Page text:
Honorable Mention: Don't Play No Game I Can't Win
Directed by Spike Jonze, this is a purely epic piece of music video making. All done with dolls and lots of explosions. It's not so much the song here, it's more like a remixed version of it which is why I'm putting it only as an Honorable Mention, but the video itself is epic.
10) Hey Ladies
Off of Paul's Boutique, still considered the Beastie Boy's most artistically expressive and bold album, we have a video that's basically a montage of random things mingled in with dancing and the Beastie Boys getting ready for a night out in what looks like Los Angeles. I've always felt there's something weird about seeing the three in an LA setting. They're "living it up" though, with flashy cars, big pools and disco. I think it has to do with the sounds in the song itself, though. It's eclectic in sound, with a bit of funk, a bit of disco, a bit of rap and...Ballroom Blitz? So why not have a video eclectic in imagery as well?
9) Ch-Check It Out
Directed by Adam Yauch, I've always felt this video (and song for that matter) is pretty under-appreciated. It seems to just throw everything at the screen, runs with it and doesn't care if you get it or not. There's so much happening, all at once, but it comes down to the Beasties are trying to do a video, they keep getting interrupted, and then they're in Star Trek uniforms fighting and...well...it's Beastie Boys. It doesn't make sense, but people do start throwing punches.
Beastie Boys - Ch-Check It Out
Get More: Beastie Boys - Ch-Check It Out
Beastie Boys - Ch-Check It Out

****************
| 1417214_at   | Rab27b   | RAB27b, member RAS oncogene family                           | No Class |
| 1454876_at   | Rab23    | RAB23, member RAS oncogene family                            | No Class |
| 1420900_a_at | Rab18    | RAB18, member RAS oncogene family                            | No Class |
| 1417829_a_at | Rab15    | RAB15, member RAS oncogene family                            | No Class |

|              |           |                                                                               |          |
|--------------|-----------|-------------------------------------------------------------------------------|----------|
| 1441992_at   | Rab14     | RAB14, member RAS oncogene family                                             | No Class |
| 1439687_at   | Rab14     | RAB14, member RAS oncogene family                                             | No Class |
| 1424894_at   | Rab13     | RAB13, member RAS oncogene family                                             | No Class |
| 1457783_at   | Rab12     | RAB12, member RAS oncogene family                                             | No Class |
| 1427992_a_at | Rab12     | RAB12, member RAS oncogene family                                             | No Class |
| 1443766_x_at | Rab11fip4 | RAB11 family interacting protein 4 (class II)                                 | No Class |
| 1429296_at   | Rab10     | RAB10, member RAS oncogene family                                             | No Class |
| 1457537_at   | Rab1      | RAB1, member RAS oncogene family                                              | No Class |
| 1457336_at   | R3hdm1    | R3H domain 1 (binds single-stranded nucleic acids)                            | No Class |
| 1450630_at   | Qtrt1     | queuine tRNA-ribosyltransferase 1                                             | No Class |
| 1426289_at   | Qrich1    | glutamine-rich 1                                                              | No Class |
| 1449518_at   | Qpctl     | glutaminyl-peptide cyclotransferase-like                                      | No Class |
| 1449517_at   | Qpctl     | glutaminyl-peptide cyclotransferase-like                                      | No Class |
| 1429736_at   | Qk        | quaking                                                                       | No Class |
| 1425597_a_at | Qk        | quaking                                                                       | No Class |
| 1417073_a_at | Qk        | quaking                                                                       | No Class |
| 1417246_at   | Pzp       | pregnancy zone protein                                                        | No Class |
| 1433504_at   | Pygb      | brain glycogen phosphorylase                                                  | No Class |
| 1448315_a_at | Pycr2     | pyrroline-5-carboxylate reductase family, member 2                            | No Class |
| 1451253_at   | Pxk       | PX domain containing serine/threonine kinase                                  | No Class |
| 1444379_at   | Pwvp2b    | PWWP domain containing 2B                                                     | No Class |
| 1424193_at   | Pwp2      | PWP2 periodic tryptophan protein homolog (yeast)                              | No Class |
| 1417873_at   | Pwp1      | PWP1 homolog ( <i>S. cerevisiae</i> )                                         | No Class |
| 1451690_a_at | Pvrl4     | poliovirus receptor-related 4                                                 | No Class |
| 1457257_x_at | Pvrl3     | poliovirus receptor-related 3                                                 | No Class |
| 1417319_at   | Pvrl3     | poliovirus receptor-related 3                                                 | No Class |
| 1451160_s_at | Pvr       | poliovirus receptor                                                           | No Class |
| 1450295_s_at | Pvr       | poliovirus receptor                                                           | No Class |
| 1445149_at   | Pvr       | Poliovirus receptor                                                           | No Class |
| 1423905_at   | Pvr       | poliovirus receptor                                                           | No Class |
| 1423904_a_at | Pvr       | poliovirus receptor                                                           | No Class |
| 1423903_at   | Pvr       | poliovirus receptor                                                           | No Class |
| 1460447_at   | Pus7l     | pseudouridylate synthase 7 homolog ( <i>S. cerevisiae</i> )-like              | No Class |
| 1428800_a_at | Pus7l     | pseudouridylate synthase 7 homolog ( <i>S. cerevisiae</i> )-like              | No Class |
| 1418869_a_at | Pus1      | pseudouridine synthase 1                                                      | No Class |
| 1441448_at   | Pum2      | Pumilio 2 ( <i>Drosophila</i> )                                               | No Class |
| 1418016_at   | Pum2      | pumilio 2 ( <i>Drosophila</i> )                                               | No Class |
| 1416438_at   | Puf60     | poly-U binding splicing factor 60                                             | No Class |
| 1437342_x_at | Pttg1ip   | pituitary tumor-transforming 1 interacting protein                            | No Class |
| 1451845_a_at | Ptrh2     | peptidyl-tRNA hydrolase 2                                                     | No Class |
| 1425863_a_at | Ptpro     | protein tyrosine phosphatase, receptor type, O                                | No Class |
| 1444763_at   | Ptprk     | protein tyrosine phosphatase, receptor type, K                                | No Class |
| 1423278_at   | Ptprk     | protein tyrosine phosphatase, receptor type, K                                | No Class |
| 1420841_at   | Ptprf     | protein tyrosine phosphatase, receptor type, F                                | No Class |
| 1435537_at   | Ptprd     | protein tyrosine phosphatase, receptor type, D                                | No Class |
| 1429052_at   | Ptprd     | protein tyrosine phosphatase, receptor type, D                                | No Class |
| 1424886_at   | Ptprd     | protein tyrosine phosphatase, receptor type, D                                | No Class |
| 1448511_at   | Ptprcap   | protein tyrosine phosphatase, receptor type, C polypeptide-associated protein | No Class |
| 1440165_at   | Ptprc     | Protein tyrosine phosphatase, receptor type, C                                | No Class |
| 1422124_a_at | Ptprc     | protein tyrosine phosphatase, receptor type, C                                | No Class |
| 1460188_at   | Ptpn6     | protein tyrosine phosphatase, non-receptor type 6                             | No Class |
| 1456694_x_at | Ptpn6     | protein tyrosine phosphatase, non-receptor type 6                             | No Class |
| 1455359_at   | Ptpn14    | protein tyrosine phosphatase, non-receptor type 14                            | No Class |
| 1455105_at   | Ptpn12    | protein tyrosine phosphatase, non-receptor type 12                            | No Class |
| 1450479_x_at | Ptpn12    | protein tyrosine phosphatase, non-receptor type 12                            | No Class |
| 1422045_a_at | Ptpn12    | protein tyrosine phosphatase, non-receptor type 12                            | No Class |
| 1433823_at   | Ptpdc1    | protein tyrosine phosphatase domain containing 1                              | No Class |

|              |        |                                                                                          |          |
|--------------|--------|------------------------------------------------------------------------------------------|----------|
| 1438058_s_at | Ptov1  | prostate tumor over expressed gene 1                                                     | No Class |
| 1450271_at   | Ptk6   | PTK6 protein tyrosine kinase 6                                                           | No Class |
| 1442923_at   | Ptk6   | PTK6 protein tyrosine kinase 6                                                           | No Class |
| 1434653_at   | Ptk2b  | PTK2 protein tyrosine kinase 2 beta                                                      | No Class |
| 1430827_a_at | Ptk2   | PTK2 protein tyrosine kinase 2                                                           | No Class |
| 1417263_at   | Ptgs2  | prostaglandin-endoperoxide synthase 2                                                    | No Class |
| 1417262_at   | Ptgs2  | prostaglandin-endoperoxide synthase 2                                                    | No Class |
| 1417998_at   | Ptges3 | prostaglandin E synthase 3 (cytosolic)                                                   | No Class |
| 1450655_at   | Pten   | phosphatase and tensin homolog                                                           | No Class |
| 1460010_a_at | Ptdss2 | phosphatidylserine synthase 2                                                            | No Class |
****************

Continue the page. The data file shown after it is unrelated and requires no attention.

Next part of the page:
8) Triple Trouble
I'll be honest, this isn't one of my favorite tracks from the Boys, but this list is about videos more than the songs themselves. And the first minute and a half or so of this one is just hilarious as the Beasties have made an enemy in Sasquatch. Then they dress a guy up as said Sasquatch and have him run around city streets and highways. And he's big. Huge. Seven feet at least. Then he kicks their asses, takes them back to his lair and has them do jumping jacks and play pong. It's the absurdest side of the Beasties at its finest.
Also, I still haven't been able to find out if the Kanye West coda at the end is real or not. Doesn't matter, it's hilarious either way.
7) No Sleep 'Til Brooklyn
I mentioned this one in my blog, and what it represented visually and so forth, but here it is again. It's one of their best songs and more creative early videos showing them shedding their band instruments for records. Of course, that's not entirely accurate. The Beastie Boys infused rock and roll into their sound for decades.
6) You Gotta Fight For Your Right to Party
As big of a statement video as you could ask for, this 1987 video was in constant rotation on MTV even when I actually got MTV in the early 90s. Before I only knew the song itself. It was everywhere. But when I finally saw the video, I seemed to appreciate it even more. It was fun, definitive Beastie Boys in sound and style and completely "illin" in all senses of the word. It's a fun video through and through.